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There’s a question that we’ve been asked a few times and there are different variations it. It can take the form of “Who’s the wife?” or “Who’s the husband?” We’ve also heard “Who wears the pants in the relationship?” I’ve even had someone ask me who the man is in the relationship.

Well…surprise! We’re both the man! That’s kind of the point of a same-sex relationship.

People who ask this, I believe, are genuinely curious and well-meaning, but don’t realize that these types of questions stem from not really knowing what a same-sex relationship looks like. And, though I usually try not to take it this way, it can come across as a little offensive at times. We are so accustomed to looking at gender roles as completely binary that we get stuck in the idea that every relationship has to have a “male” and a “female”. And that’s just not true. Josh and I are a living, breathing example of that.

There may be times when one of us performs a role that is traditionally associated with the woman in a heterosexual relationship, but we’re both men. So our marriage will have two husbands. And in our relationship, we work together, balancing and playing to our strengths and weaknesses. More and more these days, heterosexual couples operate the same way, but we might have it easier because we don’t have the traditional gender roles to fall into. If I’m better at something or enjoy it more, I do it. If Josh is better at something or enjoys it more, he does it. I like the house staying clean, so I’m in charge of cleaning. Josh likes numbers and spreadsheets, so he’s in charge of budgeting. We definitely offer input and help the other out when needed, but as we continue to grow and continue to know each other better, we’re astounded at how well we balance each other.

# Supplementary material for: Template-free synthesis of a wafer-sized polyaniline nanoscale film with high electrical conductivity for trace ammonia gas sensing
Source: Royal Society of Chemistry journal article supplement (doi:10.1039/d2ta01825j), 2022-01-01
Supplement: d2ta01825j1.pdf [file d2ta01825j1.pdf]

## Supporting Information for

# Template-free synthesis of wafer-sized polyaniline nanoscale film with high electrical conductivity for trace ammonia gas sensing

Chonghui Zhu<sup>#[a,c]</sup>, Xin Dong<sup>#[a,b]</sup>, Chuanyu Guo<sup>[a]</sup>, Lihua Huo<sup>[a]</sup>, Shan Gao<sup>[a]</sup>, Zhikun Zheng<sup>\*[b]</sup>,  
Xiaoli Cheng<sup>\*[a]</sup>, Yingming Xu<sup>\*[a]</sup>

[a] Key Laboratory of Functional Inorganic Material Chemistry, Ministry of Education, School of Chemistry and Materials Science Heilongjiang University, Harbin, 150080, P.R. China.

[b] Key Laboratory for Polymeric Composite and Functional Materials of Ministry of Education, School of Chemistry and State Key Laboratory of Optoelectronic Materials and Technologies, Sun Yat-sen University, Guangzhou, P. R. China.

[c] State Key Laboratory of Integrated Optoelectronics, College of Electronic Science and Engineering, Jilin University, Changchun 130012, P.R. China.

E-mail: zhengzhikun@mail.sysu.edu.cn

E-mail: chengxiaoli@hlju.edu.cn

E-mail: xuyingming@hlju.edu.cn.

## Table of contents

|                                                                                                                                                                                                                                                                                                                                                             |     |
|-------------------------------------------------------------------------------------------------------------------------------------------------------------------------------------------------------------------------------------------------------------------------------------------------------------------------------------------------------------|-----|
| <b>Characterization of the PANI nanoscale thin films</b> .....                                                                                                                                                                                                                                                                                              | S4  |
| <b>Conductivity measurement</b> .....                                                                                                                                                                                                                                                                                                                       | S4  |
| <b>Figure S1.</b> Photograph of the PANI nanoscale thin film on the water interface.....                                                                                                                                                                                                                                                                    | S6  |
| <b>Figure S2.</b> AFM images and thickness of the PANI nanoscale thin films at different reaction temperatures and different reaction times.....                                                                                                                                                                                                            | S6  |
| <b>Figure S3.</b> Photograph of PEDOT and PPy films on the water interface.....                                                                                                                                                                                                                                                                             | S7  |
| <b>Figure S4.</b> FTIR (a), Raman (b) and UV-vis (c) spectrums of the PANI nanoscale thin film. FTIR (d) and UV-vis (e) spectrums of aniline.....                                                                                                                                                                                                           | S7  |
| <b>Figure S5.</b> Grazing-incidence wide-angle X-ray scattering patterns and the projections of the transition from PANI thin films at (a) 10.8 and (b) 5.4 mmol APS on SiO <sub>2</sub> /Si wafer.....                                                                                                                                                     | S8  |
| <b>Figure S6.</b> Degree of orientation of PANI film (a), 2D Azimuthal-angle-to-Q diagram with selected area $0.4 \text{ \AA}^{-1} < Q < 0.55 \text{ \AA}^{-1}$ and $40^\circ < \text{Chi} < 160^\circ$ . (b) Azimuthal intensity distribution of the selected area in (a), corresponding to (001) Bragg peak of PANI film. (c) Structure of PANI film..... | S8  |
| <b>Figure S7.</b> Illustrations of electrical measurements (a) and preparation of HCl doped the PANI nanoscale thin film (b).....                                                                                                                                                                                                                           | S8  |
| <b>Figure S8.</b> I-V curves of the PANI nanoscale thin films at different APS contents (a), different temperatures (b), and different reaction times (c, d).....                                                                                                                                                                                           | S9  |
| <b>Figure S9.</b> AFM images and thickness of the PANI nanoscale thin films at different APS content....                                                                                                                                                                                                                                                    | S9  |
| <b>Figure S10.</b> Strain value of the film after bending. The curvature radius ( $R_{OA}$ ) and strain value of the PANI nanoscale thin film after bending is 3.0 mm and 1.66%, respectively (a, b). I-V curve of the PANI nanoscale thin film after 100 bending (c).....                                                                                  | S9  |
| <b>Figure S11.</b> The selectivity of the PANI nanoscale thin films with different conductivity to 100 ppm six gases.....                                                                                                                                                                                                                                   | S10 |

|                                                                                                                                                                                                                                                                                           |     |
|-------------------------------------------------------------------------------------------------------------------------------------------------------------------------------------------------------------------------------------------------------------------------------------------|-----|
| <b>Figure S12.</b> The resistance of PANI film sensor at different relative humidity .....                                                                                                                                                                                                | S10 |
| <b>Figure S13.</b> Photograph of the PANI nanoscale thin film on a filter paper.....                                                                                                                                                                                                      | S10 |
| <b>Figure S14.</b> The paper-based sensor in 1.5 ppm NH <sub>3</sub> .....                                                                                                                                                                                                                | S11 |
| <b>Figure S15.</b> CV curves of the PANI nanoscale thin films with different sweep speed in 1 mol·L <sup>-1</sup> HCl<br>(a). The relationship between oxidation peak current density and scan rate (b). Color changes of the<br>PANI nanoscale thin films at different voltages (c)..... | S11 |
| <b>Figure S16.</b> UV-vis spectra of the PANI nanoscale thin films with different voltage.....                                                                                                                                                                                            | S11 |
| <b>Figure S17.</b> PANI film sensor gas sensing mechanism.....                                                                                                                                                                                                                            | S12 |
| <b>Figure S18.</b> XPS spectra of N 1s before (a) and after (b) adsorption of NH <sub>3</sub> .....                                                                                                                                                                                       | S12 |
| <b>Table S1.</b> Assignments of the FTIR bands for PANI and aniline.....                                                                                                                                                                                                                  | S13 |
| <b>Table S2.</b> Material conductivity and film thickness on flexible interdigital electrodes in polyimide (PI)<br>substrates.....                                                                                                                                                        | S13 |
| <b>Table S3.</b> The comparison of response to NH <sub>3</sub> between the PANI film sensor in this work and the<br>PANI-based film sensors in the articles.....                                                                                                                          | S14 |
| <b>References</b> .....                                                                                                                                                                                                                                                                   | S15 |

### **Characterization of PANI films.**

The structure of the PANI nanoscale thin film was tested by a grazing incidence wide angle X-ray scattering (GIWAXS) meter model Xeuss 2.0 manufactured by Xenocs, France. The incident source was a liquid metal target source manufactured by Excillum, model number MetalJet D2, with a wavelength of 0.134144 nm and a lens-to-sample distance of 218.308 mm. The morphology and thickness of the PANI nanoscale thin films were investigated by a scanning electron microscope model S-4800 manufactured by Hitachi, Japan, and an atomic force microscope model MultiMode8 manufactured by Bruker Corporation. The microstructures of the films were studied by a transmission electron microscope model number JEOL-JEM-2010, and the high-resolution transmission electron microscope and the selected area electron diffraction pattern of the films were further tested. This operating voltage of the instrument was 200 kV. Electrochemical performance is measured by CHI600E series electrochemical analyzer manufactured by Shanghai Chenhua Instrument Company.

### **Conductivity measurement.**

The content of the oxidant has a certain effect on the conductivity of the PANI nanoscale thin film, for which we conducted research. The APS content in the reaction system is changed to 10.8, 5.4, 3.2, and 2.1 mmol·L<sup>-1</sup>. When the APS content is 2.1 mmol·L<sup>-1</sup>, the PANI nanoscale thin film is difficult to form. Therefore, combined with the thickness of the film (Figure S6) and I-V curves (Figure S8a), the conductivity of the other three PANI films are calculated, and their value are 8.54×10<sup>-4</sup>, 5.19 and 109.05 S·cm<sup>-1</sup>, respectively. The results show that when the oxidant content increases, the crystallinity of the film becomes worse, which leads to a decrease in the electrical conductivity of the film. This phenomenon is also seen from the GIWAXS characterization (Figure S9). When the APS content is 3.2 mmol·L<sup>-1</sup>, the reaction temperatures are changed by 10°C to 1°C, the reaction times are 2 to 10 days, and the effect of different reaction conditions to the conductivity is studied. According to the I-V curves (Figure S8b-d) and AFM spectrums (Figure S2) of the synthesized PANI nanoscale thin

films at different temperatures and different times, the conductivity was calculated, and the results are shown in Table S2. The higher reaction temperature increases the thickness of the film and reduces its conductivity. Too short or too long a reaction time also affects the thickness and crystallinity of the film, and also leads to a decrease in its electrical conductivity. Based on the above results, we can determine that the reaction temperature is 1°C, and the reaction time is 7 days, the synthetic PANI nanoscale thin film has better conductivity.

As we have learned to recognize each others’ strengths, we’ve also become more reliant on leaning on those strengths. For example, I’ve always been pretty tech savvy and could always figure out how to work technology as needed. However, since I’ve been with Josh, I’ve become extremely reliant on him to know those sorts of things; he’s an even bigger tech nerd than I am. I always default to him when it comes to most tech related things these days, and I don’t even know how to fix our internet now when it goes down. So there are definitely pros and cons to this, but it’s reality. It’s strange how, after time, you start functioning as a single unit, using one person to keep track of certain information and the other to keep track of other things.

I’ve also had people ask who is more gay between the two of us. When people ask this, I think they’re really asking “who is the more effeminate one?” Well, I love showtunes and am definitely the more emotional one. But Josh can’t go a day without listening to Britney, Mariah, or Celine. On the other hand, we’re both pretty avid fans of our sports teams (Ryan = OKC Thunder!, Josh = San Fransisco 49ers!). The reboot of Queer Eye is our totes fave (Helloooo, Antoni!), but don’t ask us about Ru Paul’s Drag Race; we’ve never seen it. We both fit into gay stereotypes at times, and we both break those stereotypes at times. We’re different balances of socially constructed femininity and masculinity at different times and in different situations. And honestly, that’s how most gay people are. It’s probably how most straight people are, too, for that matter. It’s just hard to go against the grain of what’s expected sometimes. 

So to answer the question, there is no wife. I’m Ryan and he’s Josh. We’re two men who love each other very much. And that’s all that should matter.